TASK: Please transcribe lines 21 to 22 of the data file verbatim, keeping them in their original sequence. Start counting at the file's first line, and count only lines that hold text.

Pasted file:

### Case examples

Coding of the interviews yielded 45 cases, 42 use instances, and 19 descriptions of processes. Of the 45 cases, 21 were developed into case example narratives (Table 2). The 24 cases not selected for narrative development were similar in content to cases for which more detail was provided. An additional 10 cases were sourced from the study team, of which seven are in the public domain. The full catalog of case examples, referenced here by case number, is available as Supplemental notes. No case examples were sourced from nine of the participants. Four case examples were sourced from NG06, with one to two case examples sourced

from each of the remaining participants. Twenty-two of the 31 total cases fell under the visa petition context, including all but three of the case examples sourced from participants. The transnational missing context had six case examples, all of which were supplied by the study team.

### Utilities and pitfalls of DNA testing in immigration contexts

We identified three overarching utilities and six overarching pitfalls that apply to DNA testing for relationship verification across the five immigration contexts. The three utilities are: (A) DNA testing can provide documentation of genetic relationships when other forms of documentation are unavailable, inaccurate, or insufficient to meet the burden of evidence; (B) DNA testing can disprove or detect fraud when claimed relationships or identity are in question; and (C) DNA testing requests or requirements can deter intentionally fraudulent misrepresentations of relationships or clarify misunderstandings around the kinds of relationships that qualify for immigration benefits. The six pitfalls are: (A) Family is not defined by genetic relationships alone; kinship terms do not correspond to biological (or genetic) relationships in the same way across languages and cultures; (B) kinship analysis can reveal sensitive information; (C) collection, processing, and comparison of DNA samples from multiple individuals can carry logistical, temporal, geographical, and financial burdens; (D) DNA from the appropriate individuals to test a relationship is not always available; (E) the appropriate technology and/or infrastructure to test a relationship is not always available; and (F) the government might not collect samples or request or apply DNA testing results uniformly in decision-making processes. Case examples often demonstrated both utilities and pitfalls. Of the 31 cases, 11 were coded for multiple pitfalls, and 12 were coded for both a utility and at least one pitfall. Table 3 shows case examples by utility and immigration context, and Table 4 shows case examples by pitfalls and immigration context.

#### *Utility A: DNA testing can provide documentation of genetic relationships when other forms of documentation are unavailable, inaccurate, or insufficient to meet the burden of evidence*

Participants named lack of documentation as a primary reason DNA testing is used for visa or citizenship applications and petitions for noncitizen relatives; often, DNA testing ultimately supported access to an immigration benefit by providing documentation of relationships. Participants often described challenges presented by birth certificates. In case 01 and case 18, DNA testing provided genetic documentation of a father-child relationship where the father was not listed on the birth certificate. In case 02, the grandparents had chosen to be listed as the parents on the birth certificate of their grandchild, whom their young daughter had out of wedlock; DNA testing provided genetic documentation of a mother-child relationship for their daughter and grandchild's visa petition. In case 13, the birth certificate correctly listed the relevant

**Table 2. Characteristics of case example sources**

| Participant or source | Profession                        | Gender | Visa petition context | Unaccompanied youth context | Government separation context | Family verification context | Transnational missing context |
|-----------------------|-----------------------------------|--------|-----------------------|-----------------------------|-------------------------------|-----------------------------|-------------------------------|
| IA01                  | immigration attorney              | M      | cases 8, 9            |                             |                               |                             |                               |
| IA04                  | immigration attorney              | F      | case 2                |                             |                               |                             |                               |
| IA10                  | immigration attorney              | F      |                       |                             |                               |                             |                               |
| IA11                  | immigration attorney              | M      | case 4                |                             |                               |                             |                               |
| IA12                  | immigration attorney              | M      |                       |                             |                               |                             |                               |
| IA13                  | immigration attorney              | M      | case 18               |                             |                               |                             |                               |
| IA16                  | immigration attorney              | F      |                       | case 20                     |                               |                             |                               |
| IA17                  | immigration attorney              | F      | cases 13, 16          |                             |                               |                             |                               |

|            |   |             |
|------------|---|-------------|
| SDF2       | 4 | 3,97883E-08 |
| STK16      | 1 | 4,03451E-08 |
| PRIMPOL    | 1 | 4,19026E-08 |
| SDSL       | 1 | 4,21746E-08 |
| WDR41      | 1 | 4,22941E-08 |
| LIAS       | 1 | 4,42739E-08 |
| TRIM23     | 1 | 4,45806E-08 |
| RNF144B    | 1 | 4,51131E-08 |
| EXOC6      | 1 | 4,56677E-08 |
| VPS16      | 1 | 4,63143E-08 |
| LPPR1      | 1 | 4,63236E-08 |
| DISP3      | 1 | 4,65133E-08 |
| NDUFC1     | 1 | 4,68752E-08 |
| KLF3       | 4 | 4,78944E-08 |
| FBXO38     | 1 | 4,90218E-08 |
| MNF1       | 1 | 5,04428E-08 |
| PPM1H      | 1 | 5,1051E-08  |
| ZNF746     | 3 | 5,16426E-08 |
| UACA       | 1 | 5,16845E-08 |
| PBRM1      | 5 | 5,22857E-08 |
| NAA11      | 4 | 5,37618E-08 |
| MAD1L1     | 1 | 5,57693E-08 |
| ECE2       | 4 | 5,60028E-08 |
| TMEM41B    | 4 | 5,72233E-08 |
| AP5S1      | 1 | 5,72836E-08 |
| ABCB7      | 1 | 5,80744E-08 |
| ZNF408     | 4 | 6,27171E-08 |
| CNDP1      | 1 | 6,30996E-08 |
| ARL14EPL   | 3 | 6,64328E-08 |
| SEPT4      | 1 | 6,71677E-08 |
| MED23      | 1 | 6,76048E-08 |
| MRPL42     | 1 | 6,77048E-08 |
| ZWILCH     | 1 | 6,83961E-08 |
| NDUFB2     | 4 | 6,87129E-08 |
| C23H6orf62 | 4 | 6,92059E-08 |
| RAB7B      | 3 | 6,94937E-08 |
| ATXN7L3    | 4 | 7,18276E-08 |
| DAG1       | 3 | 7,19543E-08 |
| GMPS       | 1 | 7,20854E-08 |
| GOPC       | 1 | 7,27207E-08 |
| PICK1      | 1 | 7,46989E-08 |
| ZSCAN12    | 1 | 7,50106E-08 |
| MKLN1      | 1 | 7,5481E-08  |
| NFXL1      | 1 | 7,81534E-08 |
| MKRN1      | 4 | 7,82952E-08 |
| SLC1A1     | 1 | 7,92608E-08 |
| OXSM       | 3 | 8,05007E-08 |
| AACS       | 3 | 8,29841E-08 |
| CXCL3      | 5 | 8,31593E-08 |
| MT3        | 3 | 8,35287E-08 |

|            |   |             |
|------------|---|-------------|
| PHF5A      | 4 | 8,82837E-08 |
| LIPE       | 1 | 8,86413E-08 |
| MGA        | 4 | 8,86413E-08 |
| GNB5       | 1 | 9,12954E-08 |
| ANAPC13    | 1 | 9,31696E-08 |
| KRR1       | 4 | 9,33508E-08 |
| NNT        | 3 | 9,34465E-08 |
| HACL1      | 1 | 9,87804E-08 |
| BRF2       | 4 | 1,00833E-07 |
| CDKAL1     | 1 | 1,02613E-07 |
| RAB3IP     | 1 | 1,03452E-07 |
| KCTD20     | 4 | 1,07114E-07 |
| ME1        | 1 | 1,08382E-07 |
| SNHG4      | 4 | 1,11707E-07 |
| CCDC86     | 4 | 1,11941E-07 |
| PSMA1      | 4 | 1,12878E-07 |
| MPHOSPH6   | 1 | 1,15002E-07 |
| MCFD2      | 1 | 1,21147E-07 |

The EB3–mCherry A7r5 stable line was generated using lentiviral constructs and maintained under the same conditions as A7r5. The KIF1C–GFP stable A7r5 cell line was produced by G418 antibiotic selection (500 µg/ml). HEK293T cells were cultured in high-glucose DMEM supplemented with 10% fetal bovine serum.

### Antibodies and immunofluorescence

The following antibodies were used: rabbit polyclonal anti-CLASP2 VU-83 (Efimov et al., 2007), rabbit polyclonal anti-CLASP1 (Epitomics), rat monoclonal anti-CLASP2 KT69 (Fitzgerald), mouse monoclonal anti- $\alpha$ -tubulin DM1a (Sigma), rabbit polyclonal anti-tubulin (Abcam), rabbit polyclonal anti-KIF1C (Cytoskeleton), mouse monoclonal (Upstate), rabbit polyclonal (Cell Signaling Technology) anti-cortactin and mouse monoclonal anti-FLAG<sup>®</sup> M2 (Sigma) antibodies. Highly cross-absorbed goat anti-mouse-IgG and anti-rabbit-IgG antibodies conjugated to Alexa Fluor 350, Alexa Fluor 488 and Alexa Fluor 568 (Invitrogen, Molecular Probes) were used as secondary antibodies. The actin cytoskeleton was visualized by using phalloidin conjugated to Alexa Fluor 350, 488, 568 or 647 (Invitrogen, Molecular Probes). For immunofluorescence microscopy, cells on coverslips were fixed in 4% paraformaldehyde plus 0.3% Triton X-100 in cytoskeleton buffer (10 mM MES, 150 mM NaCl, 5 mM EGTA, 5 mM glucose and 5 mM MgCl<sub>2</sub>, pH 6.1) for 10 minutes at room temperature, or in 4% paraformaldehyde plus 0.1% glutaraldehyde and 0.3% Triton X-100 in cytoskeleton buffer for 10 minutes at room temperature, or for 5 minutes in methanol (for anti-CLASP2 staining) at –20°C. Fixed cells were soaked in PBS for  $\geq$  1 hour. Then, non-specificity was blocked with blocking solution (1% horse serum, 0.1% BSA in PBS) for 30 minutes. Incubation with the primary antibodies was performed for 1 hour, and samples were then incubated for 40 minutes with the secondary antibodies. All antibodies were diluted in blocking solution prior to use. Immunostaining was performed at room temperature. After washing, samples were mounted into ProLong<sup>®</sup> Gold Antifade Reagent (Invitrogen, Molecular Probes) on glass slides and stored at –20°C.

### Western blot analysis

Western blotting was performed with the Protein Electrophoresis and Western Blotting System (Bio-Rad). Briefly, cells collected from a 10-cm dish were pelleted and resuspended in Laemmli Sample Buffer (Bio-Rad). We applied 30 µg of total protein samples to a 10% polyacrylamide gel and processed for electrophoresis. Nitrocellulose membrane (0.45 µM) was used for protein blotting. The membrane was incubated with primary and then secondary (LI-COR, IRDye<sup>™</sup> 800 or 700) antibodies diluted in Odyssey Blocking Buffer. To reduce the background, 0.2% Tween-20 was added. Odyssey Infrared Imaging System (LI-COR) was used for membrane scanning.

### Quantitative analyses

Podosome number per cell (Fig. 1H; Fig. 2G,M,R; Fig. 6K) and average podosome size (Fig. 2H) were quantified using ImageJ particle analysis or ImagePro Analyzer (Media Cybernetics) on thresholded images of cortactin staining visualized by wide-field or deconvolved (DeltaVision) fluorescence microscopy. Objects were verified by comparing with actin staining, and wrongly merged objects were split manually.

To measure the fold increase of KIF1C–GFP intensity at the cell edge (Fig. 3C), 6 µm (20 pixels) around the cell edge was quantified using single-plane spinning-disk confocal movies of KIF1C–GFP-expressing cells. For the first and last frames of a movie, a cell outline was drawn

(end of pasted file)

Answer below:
| SDF2       | 4 | 3,97883E-08 |
| STK16      | 1 | 4,03451E-08 |